Identifying the key positions in your organization is like triaging victims after an accident: emergency personnel prioritize their injuries against pre-defined criteria, then treat them in order of most to least critical. Although setting up an organizational triage process takes some time, and usually much soul-searching, the result is that you know exactly how and where to prioritize your efforts and direct your resources – i.e., on the positions that would leave the organization most vulnerable if they are not filled with capable staff.

Here are the three organizational triage categories for identifying key positions. They are defined according to their impact on the organization’s survivability – i.e., its ability to achieve its mission:

Category Impact on the organization’s mission
Critical Cannot fulfill mission if missing
Very important Signficant negative impact if missing
Important Diminished level of performance if missing

For each position, function, skill, and competency, ask and answer TRUTHFULLY the following set of questions. What is the impact on our mission if we:

  • Don’t fill the position?
  • Delay filling the position?
  • Omit some aspects of the position?
  • Reduce the qualifications of the position?

Insist on very specific answers: “we’d go out of business” is not acceptable. Truthful and realistic responses collectively will enable you to prioritize each position. Assess all positions, functions, skills, and competencies using the above process. The assumption is that every position must be at least important to achieving the mission. If you find any that are not, ask yourself why they are there? How can you justify their existence? The result will be a prioritized list of positions throughout the organization. For succession planning purposes, you have a clear picture of your vulnerabilities and where you must focus your efforts and resources.

Just as is the case during an emergency, the first responders’ work is not done when they have made their initial assessments. They must TAKE ACTION based on their findings. Just as they wouldn’t think of leaving victims at the scene of the accident or emergency, so you too must take action to address your organization’s known vulnerabilities.

To read about this organizational triage process in slightly more detail and from a resource allocation process, take a look at my article Guidelines for Allocating Scarce Resources.


To find other articles and resources that may be of value to you, I invite you to visit my web site at www.BusinessAlignmentStrategies.com and my blog at www.OptimizeBusinessResults.com.


Alignment Solutions is a concise, bi-weekly newsletter written specifically to help organizational leaders optimize their business results. Your e-mail address is never shared with anyone for any reason. You may unsubscribe by clicking the link on the bottom of this e-mail.

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© 2014 Pat Lynch. All rights reserved.

Alignment Solutions Newsletter: Efficiency or Effectiveness: Do Words Really Matter?

August 20th, 2014


Efficiency or Effectiveness:
Do Words Really Matter?

Alignment solution: Precision in terminology really does matter. Using related words interchangeably even though they have different meanings can result in unintended negative consequences for your organization.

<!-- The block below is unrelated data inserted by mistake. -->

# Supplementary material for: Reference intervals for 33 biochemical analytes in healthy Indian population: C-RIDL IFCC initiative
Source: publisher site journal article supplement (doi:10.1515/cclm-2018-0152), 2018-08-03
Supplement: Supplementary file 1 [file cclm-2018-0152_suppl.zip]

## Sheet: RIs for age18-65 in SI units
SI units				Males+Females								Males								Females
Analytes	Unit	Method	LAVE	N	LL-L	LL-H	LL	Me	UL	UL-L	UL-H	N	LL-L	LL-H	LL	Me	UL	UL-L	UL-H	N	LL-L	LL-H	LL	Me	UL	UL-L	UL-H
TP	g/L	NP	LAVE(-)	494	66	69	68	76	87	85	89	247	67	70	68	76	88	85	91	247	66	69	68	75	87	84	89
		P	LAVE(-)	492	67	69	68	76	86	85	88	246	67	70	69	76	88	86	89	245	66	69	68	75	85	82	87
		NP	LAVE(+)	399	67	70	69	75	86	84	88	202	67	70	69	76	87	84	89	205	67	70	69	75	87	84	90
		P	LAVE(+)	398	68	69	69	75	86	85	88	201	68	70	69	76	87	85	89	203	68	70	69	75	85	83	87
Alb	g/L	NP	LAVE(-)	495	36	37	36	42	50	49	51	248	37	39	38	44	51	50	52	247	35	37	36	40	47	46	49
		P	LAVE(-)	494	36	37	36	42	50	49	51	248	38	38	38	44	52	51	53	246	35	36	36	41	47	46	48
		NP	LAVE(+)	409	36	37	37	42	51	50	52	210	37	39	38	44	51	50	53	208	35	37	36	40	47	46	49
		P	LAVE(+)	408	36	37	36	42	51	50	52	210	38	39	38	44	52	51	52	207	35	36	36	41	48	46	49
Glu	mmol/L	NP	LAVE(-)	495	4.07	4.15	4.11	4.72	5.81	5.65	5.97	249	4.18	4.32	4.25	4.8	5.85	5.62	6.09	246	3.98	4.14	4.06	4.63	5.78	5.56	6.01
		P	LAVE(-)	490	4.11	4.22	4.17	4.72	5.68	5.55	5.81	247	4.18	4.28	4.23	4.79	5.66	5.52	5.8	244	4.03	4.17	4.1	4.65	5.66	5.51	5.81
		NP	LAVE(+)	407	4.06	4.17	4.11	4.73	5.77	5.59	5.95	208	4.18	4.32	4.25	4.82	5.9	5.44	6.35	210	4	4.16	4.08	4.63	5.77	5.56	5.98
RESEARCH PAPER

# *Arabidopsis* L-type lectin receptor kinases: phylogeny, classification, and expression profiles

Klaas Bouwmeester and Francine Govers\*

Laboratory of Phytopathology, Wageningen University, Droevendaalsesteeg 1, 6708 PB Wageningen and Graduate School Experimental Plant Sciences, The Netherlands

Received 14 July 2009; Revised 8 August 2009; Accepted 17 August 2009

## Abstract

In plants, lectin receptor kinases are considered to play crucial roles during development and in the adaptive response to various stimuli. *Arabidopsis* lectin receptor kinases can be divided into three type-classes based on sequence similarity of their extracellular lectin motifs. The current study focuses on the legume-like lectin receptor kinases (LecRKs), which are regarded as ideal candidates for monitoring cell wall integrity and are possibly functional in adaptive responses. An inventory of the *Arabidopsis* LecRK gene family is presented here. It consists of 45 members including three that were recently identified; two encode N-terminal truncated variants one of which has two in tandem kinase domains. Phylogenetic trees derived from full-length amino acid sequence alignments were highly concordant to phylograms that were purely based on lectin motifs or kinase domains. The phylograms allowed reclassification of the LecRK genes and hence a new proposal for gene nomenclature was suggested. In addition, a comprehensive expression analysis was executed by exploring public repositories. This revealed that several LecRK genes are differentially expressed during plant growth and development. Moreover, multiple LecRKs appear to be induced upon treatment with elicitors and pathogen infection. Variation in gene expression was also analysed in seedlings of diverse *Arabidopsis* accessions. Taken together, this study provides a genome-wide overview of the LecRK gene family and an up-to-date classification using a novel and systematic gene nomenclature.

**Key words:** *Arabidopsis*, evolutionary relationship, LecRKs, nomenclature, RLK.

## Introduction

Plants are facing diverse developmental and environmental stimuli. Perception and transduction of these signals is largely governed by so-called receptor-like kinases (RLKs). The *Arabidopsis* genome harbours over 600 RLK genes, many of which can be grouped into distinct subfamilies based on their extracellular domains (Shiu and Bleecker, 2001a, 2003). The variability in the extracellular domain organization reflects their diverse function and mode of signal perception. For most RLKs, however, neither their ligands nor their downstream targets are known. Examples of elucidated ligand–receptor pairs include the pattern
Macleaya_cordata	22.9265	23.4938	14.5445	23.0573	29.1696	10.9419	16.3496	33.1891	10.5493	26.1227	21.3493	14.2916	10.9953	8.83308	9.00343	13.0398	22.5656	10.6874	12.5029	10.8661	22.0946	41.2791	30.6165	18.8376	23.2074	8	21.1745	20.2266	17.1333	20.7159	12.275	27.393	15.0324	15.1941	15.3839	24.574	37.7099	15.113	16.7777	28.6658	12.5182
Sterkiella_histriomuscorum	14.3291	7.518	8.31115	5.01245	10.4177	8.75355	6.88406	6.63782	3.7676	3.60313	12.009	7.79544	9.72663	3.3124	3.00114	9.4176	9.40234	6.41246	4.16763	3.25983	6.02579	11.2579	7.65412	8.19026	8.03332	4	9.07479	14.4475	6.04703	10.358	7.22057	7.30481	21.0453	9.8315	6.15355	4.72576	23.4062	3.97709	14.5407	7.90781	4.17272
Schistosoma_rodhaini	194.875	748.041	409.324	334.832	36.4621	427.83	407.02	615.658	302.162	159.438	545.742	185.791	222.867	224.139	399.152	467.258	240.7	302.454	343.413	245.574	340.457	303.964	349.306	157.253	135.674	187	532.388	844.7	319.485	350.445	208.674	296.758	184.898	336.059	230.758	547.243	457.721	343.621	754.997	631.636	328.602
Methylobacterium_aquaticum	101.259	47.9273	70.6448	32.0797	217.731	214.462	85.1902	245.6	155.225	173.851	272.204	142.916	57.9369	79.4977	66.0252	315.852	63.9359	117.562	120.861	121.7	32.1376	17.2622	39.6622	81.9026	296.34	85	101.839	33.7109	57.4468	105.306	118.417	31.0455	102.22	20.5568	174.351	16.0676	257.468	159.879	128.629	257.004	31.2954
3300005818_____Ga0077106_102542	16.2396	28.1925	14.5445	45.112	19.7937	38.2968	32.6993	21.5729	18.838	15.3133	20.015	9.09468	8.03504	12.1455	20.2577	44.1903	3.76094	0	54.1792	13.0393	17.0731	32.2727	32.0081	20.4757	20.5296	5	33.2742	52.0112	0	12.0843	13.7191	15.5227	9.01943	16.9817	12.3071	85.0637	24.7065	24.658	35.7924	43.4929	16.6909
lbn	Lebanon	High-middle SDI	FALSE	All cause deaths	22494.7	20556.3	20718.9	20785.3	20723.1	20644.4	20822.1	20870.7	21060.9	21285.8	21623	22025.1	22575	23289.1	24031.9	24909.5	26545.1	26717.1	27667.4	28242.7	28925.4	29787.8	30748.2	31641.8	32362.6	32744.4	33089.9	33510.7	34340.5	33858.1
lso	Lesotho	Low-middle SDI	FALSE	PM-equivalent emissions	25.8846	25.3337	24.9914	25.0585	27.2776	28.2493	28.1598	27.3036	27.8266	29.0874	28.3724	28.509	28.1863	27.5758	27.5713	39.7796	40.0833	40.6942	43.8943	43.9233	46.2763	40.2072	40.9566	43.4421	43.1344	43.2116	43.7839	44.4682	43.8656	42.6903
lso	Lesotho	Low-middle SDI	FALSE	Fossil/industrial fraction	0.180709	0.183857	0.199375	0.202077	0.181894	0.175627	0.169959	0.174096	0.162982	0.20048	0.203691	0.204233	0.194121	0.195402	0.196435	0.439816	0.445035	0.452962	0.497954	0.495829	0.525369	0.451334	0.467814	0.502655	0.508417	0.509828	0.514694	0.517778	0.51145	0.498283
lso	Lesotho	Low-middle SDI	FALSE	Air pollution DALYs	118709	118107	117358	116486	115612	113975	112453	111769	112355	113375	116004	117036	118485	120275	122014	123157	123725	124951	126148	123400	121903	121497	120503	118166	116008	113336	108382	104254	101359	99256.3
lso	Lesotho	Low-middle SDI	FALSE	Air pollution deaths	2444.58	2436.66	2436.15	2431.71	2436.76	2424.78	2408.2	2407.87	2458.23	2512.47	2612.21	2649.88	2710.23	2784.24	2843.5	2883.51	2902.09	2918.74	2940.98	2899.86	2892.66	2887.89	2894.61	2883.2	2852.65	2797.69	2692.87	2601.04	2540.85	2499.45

During a conference I attended last week, I was reminded again that using words imprecisely can have dire consequences. As part of their presentation on cost efficiency, two speakers stressed the need to balance two related yet different concepts that often are used interchangeably: efficiency and effectiveness. Although both are critical to an organization’s ability to survive and thrive, their respective desired outcomes often are in conflict.

The speakers defined “efficiency” as doing things right – i.e., using resources the best way possible. They suggested examining the ratio of outputs to inputs would help assess the degree of an organization’s efficiency. “Effectiveness,” on the other hand, means doing the right things – i.e., achieving the desired outcomes. The reality is that few, if any, organizations have unlimited resources. As a result, there must be a balance between the sometimes contradictory concepts of effectiveness (the WHAT) and efficiency (the HOW).

The problem arises when people use these two terms interchangeably. To the extent that decision-makers focus solely or primarily on cost efficiency when allocating resources, for example, they cause the organization’s effectiveness to suffer.

Let’s use public safety as an example of how using “efficiency” and “effectiveness” interchangeably may play out. Most people want to live and work in communities that are safe, healthy, and economically viable. Since the recent recession caused local governments to slash their budgets, including the funding for public safety agencies, the focus has been almost exclusively on efficiency – i.e., how much can we cut from the budget? Although most organizations generally can find ways to become more efficient, beyond a certain point there are no resources to cut without degrading service effectiveness. This result may manifest as slower response times when people call 911. Services previously available, such as community policing, gang enforcement, and fire prevention education, also may disappear. Failing to distinguish between these two terms has added to the significant decrease in the level of public safety in many communities across the U.S. and other countries.